Many thanks to Neil Jones for his time and energy in responding to my many questions. I can’t begin to say how inspiring I find his project and I can only hope it will encourage other groups in other communities across Canada to set up and discover the magic of radio drama for themselves (along with their audiences.) And I really appreciate that Radio Project X seems so positively influenced by so much of dramatized radio’s past. They are therefore truly part of its continuing story. Only through awareness of our history can we find the key to our future.

UPDATE: The next two all-new Radio Project X tapings will be held on Tuesday, July 30, 2013 and Tuesday, August 27, 2013 at the Black Swan Tavern, 154 Danforth Avenue in Toronto at 8 p.m.

For podcasts and more information, you can visit their website,


Posted on July 18, 2013 at 9:05 am by editor · · Tagged with: , , ,

2 Responses

Subscribe to comments via RSS

  1. Written by Kathleen Flaherty
    on July 25, 2013 at 8:26 am
    Reply · Permalink

    Here’s the thing: yes, there is a desire and affection for radio drama; no, there hasn’t been a way to make sure everyone gets paid appropriately for doing it. I think it can be done by online subscription and I truly hope someone makes that happen. There is a huge amount of creativity possible in audio drama, but so far no way to make it pay for itself.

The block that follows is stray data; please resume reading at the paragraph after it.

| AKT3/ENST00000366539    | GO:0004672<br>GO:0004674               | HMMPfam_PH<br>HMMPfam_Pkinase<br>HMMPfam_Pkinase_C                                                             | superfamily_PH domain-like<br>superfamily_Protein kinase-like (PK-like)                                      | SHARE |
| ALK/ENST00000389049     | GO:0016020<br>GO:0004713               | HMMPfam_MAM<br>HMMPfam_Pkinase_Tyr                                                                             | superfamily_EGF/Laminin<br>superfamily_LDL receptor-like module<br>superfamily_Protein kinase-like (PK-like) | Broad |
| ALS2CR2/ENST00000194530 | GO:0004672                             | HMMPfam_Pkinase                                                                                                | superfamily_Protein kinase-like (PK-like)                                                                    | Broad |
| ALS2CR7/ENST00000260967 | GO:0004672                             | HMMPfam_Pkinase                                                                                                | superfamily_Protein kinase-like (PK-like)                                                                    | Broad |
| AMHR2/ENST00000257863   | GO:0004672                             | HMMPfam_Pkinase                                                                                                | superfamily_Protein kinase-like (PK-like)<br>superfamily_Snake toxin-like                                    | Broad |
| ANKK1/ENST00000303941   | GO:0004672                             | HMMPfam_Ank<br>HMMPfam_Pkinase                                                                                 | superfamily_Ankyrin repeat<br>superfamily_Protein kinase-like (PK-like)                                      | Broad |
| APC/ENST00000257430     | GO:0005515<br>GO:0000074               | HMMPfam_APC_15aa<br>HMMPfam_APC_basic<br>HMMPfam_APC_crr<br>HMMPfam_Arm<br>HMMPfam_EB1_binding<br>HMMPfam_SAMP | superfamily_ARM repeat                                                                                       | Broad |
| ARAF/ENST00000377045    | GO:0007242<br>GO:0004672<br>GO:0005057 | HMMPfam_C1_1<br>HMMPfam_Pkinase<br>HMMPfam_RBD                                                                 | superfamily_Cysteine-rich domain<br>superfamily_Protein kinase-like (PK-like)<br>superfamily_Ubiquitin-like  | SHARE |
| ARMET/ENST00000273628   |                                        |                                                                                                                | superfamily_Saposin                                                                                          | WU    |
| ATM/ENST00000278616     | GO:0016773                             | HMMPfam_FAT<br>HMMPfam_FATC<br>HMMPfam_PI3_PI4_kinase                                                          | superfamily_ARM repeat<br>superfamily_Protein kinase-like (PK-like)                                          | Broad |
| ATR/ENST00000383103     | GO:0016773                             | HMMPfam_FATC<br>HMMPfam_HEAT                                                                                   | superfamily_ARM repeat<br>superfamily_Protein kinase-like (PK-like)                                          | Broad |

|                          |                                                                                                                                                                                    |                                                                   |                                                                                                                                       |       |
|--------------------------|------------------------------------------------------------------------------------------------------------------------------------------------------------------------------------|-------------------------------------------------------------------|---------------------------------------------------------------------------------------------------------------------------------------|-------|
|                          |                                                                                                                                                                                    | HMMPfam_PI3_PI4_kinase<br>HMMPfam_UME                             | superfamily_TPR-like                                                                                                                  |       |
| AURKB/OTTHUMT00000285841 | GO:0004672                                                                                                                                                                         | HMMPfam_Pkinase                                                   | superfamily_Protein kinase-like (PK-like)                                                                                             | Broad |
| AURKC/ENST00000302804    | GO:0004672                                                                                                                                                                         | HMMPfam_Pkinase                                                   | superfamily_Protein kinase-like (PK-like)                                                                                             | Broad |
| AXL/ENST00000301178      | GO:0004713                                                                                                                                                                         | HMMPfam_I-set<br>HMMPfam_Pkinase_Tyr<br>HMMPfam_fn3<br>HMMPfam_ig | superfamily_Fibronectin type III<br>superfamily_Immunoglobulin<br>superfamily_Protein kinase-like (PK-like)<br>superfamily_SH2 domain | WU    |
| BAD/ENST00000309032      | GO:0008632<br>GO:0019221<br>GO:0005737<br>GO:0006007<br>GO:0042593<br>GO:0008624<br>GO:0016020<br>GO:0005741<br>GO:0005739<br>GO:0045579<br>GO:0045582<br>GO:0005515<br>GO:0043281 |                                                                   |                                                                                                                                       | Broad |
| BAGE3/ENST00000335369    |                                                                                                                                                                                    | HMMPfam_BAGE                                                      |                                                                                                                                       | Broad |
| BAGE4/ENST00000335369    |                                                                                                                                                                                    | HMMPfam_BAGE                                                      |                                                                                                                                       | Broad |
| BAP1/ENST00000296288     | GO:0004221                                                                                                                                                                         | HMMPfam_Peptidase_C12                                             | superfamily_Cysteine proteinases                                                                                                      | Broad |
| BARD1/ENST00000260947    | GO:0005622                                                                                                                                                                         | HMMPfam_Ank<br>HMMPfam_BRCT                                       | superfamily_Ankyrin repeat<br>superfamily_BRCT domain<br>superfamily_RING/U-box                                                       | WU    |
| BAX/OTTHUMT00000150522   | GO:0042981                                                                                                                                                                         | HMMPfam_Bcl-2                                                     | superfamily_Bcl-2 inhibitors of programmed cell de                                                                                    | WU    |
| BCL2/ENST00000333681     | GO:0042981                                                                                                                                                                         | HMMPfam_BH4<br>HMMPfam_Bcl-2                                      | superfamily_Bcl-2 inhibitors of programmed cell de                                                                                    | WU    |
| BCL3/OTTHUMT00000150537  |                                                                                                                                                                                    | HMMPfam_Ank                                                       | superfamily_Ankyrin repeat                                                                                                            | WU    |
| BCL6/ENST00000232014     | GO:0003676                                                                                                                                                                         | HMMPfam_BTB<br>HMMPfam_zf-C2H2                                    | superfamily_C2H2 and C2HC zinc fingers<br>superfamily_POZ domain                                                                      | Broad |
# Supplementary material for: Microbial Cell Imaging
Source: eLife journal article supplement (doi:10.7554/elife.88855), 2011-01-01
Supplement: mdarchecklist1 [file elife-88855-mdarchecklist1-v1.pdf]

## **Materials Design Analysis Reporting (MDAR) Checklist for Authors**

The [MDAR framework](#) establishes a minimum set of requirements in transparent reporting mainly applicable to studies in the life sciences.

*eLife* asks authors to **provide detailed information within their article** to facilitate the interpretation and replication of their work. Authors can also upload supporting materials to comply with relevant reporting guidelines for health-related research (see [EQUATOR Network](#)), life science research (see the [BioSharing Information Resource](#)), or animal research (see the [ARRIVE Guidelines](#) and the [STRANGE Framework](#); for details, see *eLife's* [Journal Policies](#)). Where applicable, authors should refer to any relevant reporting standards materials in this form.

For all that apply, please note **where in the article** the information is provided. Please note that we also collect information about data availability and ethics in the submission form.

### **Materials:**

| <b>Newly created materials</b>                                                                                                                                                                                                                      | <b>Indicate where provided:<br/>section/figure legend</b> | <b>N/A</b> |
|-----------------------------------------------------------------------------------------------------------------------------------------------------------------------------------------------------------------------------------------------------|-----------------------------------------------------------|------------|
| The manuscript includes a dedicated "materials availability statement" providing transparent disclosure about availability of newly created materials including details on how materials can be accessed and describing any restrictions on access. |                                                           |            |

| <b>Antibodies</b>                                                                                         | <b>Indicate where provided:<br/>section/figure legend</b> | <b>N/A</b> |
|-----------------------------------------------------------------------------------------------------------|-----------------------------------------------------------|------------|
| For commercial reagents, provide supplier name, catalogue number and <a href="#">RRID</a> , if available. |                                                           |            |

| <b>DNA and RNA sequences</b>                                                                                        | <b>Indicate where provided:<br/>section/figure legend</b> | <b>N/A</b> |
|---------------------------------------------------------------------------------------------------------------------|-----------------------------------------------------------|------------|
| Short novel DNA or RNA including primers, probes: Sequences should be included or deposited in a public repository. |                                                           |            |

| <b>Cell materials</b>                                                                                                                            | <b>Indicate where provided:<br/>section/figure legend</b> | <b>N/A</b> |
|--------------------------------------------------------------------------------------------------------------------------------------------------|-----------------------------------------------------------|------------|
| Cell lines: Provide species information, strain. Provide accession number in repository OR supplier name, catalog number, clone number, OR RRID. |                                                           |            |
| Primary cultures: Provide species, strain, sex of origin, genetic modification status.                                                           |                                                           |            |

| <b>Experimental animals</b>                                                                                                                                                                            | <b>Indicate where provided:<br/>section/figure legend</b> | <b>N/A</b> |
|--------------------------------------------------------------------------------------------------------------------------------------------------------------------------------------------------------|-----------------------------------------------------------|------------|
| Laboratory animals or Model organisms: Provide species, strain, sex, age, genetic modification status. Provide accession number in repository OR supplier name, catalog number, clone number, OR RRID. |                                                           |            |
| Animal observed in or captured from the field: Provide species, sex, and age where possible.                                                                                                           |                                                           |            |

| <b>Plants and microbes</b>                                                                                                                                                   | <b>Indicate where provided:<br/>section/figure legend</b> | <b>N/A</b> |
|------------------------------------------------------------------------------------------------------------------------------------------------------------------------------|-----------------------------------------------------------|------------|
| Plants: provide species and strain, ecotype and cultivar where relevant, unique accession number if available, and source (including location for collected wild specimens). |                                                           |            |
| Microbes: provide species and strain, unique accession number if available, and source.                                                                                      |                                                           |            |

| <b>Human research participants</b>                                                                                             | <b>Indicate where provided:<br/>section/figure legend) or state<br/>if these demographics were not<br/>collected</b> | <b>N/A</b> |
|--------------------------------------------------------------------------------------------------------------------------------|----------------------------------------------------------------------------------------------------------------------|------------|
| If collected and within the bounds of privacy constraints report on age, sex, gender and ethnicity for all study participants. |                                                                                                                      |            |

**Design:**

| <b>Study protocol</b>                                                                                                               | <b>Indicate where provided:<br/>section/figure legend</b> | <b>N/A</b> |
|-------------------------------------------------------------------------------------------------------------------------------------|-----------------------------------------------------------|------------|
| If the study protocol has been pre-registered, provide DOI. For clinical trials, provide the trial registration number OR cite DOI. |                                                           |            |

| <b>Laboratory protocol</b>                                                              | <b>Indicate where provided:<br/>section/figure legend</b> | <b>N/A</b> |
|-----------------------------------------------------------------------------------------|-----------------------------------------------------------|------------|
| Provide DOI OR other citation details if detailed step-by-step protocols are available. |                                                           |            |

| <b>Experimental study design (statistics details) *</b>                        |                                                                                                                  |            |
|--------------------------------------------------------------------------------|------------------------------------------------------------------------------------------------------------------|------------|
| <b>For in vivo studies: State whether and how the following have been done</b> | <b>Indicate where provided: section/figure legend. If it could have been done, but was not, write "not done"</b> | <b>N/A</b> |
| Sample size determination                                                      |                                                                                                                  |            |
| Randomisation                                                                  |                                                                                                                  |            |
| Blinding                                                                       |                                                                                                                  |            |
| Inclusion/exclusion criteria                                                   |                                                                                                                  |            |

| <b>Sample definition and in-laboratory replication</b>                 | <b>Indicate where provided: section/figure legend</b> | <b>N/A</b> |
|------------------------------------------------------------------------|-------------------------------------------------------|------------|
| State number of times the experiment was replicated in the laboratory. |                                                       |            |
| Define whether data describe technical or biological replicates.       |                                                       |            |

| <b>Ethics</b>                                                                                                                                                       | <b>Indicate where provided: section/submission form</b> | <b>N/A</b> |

2. Written by The Born Freelancer
    on July 25, 2013 at 2:01 pm
    Reply · Permalink

    Thank you, Kathleen, for your thoughts which deserve a more detailed follow up in a future post. In the meantime, I’d also like to thank you for your past work on CBC Radio drama and documentaries over the years which has provided me and others with so many, many happy hours of listening.

Subscribe to comments via RSS

Leave a Reply